Rock and Roll Book Club: 'Showtime at the Apollo' gives graphic-novel treatment to Harlem venue's unparalleled history
by Jay Gabler
February 13, 2019
You could read James Otis Smith's graphic-novel rendition of Ted Fox's book Showtime at the Apollo in one sitting, but you're going to want to take a breather. The sheer amount of African-American musical and cultural history swept up in the story of the Apollo is almost overwhelming.
Fox's history was originally published in 1983. There will never be another like it, because many of the author's sources are no longer alive to tell their stories. The book begins with his account of cold-calling Dionne Warwick, who introduced him to Sammy Davis Jr., and so on. Fox even talked with "Mr. Apollo," a man named Francis "Doll" Thomas who in 1980 was literally living in the theater. He'd been working in Harlem show business since — wait for it — 1914.
If you know anything about the Apollo, you know that it was the setting for James Brown's legendary live album, recorded in 1962 to such a tumult that the engineers had to minimize the crowd noise so listeners could hear the Godfather and his band. By that point, though, the Apollo was already three decades into its heyday.
The history of the Apollo is the history of African-American music, and the history of African-American music is the history of American popular music. After its opening as the Apollo in 1934, the theater became a hub and a crucible. It was a safe space for black musicians, but it also had the world's most demanding crowds. If you could make it at the Apollo, you could make it.
One of the book's most astonishing pages collects portraits of artists who prevailed at the Apollo's Amateur Night talent contents. Among them: James Brown, Michael Jackson, Gladys Knight, Sarah Vaughn, Pearl Bailey, Dionne Warwick, and Frankie Lymon. And that was amateur night.
In its classic era, from the 1930s until 1980, the venue was owned and operated by a white Jewish family. Frank Schiffman, with his sons Bobby and Jack, kept their fingers on the pulse of popular music, doing whatever was necessary to be sure that the Apollo got the best acts and kept them. Fox points out that the heyday of the Apollo coincided with the heyday of Harlem as a hub of African-American culture in the years when the neighborhood wasn't a beacon for white audiences.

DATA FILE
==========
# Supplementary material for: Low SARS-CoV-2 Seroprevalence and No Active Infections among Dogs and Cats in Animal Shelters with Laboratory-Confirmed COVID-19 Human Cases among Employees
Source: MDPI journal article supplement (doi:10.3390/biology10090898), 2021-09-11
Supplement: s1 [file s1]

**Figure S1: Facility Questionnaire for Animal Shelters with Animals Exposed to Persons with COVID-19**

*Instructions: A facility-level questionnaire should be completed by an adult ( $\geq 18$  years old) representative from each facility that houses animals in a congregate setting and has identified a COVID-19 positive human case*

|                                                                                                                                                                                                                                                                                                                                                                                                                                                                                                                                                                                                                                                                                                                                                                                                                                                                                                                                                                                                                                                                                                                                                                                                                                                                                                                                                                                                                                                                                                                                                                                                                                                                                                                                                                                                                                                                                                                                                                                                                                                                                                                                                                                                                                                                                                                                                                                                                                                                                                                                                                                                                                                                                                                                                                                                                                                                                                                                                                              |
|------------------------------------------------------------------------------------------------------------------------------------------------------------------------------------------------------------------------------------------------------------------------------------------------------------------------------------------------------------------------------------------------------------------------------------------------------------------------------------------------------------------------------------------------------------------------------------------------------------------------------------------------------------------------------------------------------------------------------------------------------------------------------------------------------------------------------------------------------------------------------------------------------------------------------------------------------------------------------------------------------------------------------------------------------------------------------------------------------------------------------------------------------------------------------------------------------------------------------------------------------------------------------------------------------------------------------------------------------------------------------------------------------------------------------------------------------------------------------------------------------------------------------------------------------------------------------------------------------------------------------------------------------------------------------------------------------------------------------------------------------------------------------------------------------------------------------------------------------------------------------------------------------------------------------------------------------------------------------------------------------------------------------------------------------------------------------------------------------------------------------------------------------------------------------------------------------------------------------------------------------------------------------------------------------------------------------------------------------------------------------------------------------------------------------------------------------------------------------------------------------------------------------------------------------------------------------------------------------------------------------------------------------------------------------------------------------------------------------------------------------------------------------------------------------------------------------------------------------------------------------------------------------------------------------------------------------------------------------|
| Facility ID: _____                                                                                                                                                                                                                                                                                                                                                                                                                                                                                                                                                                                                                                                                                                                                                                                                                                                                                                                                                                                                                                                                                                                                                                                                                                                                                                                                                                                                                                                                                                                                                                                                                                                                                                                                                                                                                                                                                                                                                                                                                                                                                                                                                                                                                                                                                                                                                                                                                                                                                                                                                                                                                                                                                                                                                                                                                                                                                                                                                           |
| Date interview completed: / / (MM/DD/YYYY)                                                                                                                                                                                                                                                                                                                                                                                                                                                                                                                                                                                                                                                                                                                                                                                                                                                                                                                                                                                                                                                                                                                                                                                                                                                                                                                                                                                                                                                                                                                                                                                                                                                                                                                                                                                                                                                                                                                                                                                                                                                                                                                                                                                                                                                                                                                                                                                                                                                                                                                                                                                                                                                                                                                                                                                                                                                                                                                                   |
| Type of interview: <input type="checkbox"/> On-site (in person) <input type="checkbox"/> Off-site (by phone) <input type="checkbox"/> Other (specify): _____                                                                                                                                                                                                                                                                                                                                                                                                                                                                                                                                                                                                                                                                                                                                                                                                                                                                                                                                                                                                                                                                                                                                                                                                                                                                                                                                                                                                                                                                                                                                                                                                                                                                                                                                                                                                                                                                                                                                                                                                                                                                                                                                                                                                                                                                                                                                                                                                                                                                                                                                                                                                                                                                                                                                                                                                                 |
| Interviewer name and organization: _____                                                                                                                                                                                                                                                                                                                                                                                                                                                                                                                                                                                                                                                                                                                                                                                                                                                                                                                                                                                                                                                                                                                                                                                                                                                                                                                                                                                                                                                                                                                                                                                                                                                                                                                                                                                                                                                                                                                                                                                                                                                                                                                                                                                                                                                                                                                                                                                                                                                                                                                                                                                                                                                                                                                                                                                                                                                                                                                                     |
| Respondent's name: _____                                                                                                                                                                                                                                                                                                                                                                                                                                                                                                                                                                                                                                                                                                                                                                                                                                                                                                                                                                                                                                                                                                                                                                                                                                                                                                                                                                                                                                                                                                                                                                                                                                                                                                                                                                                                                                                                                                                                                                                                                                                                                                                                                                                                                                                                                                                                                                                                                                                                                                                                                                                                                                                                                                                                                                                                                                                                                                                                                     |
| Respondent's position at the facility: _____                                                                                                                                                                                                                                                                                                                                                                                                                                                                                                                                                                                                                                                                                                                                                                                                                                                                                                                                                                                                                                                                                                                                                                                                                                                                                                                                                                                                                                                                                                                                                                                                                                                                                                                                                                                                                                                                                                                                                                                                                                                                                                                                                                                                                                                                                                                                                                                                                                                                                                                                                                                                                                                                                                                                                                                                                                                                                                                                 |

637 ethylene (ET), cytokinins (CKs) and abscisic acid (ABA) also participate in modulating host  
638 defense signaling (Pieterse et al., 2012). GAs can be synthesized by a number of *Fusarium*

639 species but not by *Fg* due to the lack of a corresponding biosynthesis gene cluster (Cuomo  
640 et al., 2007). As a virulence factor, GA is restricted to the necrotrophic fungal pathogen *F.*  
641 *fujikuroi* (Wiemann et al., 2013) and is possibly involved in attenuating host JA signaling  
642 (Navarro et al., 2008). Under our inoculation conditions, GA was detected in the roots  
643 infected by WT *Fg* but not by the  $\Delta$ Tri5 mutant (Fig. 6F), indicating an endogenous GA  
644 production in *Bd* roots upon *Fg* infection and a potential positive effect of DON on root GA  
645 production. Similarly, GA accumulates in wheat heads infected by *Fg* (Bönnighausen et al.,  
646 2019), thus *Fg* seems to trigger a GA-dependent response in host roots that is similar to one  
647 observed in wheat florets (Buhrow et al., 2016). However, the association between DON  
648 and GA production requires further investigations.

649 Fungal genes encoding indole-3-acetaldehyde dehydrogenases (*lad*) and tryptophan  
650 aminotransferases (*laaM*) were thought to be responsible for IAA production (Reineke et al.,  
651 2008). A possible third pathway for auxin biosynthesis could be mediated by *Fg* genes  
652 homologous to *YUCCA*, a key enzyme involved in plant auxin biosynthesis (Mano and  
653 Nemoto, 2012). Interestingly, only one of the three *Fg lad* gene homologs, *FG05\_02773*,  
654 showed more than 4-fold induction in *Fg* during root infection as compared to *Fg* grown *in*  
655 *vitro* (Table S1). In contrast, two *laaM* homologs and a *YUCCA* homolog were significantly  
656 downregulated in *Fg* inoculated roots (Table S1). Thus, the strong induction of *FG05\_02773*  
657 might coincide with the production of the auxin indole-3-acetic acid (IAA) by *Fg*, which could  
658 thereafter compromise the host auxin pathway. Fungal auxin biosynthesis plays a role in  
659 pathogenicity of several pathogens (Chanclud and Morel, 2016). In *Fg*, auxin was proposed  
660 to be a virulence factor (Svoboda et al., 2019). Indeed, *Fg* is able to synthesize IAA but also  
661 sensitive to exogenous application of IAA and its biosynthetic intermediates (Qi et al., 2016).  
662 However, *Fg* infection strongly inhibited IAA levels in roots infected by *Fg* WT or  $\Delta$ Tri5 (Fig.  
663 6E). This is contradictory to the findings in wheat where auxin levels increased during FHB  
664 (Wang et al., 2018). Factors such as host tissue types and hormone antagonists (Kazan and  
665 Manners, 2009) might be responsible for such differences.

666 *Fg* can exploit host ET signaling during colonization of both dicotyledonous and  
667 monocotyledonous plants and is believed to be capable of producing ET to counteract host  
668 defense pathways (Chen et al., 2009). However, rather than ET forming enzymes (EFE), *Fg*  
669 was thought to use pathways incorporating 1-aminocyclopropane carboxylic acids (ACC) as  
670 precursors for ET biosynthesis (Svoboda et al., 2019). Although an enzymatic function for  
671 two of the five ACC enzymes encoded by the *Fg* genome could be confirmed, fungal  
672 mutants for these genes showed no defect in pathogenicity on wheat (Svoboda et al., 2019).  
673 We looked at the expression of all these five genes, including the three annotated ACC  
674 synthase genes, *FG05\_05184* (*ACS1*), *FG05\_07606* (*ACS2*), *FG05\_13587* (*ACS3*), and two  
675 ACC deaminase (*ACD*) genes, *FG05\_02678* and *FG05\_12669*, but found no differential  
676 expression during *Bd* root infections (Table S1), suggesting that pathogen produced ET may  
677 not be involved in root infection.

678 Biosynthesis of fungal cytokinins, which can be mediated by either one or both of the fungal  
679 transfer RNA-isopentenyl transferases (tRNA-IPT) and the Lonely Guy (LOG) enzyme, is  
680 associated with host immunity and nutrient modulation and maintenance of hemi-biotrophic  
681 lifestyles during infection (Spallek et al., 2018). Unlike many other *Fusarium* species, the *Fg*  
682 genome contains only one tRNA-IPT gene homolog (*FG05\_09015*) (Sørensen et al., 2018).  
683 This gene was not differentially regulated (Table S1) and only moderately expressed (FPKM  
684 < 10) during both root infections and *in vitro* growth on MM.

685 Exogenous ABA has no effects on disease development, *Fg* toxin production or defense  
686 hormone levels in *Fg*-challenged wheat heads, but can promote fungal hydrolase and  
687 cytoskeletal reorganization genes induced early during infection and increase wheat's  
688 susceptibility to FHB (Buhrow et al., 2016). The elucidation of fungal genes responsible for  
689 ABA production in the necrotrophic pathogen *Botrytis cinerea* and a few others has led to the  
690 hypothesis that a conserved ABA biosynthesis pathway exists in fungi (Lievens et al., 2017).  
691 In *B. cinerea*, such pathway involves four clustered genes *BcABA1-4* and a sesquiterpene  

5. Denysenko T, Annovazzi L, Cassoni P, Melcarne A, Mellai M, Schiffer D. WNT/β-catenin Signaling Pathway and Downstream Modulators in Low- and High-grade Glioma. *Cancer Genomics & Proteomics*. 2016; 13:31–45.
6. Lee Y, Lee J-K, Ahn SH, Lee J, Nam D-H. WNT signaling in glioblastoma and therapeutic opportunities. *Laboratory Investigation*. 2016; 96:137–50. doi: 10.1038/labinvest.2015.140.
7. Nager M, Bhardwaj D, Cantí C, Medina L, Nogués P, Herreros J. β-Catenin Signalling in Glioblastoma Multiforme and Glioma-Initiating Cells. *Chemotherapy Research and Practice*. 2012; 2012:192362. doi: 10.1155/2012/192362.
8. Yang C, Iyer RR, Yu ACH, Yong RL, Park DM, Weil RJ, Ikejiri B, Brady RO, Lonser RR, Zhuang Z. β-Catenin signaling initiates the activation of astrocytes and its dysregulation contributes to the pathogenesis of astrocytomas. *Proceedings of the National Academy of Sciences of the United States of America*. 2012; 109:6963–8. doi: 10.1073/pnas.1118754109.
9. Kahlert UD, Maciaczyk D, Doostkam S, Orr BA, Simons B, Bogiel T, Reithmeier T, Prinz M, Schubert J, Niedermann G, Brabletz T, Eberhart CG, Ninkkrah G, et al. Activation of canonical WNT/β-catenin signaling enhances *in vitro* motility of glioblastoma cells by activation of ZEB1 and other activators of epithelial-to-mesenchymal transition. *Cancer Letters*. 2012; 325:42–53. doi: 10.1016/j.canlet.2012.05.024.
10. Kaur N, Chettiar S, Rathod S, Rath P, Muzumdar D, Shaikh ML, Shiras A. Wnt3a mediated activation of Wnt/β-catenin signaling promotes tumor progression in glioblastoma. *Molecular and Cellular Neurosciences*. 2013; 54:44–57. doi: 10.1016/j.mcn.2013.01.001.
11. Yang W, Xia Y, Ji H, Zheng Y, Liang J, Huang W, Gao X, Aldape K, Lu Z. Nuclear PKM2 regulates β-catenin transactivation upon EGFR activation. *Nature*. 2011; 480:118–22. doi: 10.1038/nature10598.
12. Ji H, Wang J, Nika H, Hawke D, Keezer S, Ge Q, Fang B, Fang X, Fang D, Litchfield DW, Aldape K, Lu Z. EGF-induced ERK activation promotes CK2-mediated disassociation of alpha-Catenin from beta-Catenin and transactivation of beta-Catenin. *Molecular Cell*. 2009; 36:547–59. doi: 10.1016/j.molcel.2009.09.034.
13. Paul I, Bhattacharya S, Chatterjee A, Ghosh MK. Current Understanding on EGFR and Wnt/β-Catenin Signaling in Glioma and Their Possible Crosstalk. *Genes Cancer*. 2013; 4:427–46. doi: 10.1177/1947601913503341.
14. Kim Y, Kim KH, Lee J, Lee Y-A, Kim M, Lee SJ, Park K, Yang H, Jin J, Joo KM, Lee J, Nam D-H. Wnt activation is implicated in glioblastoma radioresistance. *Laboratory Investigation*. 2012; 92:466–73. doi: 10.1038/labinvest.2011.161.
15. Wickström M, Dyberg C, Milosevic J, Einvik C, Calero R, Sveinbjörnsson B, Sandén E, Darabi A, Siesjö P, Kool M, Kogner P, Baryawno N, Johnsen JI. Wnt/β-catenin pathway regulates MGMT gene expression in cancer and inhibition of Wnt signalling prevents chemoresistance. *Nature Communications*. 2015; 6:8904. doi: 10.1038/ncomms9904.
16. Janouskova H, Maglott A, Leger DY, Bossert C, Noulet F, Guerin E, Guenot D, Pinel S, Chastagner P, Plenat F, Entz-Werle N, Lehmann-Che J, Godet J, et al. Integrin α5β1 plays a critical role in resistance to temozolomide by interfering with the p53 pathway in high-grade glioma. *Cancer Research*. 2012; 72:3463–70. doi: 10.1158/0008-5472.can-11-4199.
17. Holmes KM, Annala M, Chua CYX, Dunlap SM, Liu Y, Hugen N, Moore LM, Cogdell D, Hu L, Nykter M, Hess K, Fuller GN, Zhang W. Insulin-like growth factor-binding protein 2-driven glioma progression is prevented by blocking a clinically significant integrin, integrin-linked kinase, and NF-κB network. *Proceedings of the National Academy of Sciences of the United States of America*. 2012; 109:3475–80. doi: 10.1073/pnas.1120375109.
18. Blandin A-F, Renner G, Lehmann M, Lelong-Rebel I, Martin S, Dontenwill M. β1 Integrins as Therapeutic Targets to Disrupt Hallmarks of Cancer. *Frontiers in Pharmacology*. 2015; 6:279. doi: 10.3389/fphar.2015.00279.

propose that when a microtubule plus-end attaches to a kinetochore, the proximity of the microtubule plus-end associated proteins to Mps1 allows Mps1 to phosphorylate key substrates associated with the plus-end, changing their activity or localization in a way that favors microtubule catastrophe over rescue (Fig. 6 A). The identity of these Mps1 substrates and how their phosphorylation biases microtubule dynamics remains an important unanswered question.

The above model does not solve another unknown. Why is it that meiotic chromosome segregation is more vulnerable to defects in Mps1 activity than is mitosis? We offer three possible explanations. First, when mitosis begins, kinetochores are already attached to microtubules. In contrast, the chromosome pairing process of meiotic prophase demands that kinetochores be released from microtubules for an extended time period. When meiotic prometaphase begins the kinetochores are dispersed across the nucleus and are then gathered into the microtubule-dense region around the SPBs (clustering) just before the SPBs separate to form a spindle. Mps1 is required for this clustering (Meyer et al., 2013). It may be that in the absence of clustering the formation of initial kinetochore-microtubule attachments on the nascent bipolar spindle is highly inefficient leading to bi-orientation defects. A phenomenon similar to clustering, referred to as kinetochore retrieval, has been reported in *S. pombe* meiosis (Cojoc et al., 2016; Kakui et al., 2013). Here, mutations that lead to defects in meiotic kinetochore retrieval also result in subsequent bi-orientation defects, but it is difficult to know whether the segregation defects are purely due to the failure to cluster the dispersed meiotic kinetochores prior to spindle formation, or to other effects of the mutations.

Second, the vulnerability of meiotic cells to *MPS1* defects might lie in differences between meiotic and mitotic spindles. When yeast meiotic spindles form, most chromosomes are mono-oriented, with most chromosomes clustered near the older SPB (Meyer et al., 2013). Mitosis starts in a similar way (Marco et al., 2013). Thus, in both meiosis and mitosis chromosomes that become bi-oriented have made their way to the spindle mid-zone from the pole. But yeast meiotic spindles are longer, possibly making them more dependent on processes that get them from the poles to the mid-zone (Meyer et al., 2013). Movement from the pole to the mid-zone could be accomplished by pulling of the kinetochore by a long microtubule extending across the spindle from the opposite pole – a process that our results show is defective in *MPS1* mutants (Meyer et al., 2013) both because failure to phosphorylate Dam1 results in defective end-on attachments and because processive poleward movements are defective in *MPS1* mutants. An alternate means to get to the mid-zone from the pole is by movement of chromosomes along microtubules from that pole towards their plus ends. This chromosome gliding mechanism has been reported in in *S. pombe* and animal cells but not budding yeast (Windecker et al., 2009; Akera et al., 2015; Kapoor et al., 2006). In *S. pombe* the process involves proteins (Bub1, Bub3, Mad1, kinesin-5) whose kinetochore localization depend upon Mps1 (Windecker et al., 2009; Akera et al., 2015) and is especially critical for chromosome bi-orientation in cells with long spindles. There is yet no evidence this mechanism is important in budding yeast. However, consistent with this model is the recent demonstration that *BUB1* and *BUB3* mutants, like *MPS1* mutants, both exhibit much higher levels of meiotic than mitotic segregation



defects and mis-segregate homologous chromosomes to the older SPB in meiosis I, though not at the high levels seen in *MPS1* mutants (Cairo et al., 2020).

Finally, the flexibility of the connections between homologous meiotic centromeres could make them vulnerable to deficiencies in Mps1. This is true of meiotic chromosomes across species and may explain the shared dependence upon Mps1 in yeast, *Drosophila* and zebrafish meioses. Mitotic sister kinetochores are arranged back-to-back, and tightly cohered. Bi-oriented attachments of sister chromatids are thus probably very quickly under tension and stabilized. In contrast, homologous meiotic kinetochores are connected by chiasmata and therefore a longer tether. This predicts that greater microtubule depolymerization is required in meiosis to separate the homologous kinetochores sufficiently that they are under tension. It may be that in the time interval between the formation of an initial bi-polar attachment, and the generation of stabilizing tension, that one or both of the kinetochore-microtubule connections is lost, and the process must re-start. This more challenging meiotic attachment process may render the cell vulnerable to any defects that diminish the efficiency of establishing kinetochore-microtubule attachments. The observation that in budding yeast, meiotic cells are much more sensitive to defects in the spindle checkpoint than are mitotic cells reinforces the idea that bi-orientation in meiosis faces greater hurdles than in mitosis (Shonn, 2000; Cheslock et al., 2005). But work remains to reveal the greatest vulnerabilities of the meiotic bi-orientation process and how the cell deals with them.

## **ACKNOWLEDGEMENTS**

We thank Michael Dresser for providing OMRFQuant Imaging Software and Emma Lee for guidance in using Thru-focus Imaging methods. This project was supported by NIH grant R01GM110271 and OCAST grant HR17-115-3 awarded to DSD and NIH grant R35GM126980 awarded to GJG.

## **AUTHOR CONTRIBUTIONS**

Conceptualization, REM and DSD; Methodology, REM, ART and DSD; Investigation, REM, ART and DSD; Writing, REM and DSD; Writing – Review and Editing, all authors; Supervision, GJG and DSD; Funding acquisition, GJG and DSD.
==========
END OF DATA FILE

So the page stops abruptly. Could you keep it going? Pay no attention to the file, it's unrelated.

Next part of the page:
Earlier, in the years of the Harlem Renaissance, the neighborhood was such a profitable draw for white people who wanted to go out on the town that many venues, while employing blacks as entertainers, wouldn't even serve them. Starting in the '80s, Harlem gentrified, wearing its history proudly but not the heartbeat of black culture the way it once was.
At mid-century, though, the Apollo was full of black audiences appreciating black artists, with some whites interspersed. One white rock legend who was a hit at the Apollo was Buddy Holly — although, Fox relates, their first time out his Crickets weren't connecting with the audience until they covered the eponymous song by Apollo favorite Bo Diddley. "When we finished that song," remembered Crickets guitarist Niki Sullivan, "the people just went bananas."
When the Apollo first took its new name in the '30s, jazz was the order of the day. While white bandleaders like Benny Goodman and the Dorsey Brothers got airplay with their interpretations of the black music, African-Americans like Duke Ellington and Count Basie would play the Apollo, with vocalists like Billie Holiday and Ella Fitzgerald. Comedy was a big part of the Apollo scene, and comedic bandleaders like Cab Calloway fit right in. The elder Schiffman said the most moving thing he ever heard was Fitzgerald singing "My Buddy" at the casket of her collaborator Chick Webb, in 1939.
In the '40s, the Apollo hosted artists who were turning swing into bop and laying the foundations of rock and roll. That meant brilliant jazz artists like Dizzy Gillespie, Charlie Parker, and Thelonious Monk alongside wild showmen like Lionel Hampton and Sammy Davis Jr.
In the '50s, the Orioles learned "Cryin' in the Chapel" backstage at the Apollo before putting it on record and charting the first R&B song to land on the pop charts. Elvis Presley went to school on Bo Diddley's shows, Screamin' Jay Hawkins did his "I Put a Spell On You" routine coming out of a coffin (once, the Drifters pranked him by locking the coffin), and there was even room for the late-decade mambo boom with the likes of Tito Puente.
That's all before the '60s, when the Apollo hosted legendary performances by Brown, Aretha Franklin, and Ray Charles (who participated in the backstage gambling, an aide whispering to him what cards he held and had been played). Earnings from Jackie Wilson's Apollo-fueled hit "Lonely Teardrops" helped fund the launch of Motown Records. Marvin Gaye wowed the crowd...when he wasn't cancelling due to stage fright. On the comedy side, Richard Pryor tested the Apollo's tolerance for "blue" language.
By the '70s, the zeitgeist was moving on and the Apollo fell into disrepair. Despite continuing to host historic shows by the likes of Bob Marley, the Apollo struggled and ultimately closed after a 1980 show by George Clinton and P-Funk that represented the end of an era.
A new era dawned a few years later, as the Apollo was renovated and designated a historic landmark. Since the '80s, it's been a successful prestige space; when Paul McCartney made his Apollo debut in 2010, he called the theater "the Holy Grail" and said it was the first thing the Beatles wanted to see when they came to America.
It's still a Holy Grail, and its inspiring story is marvelously told in this engaging history, now rendered in dynamic graphic form. Ladies and gentlemen...
Book lovers: Don't miss the chance to see Marlon James, author of A Short History of Seven Killings and the new Black Leopard, Red Wolf live at the Fitzgerald Theater tonight, Feb. 13.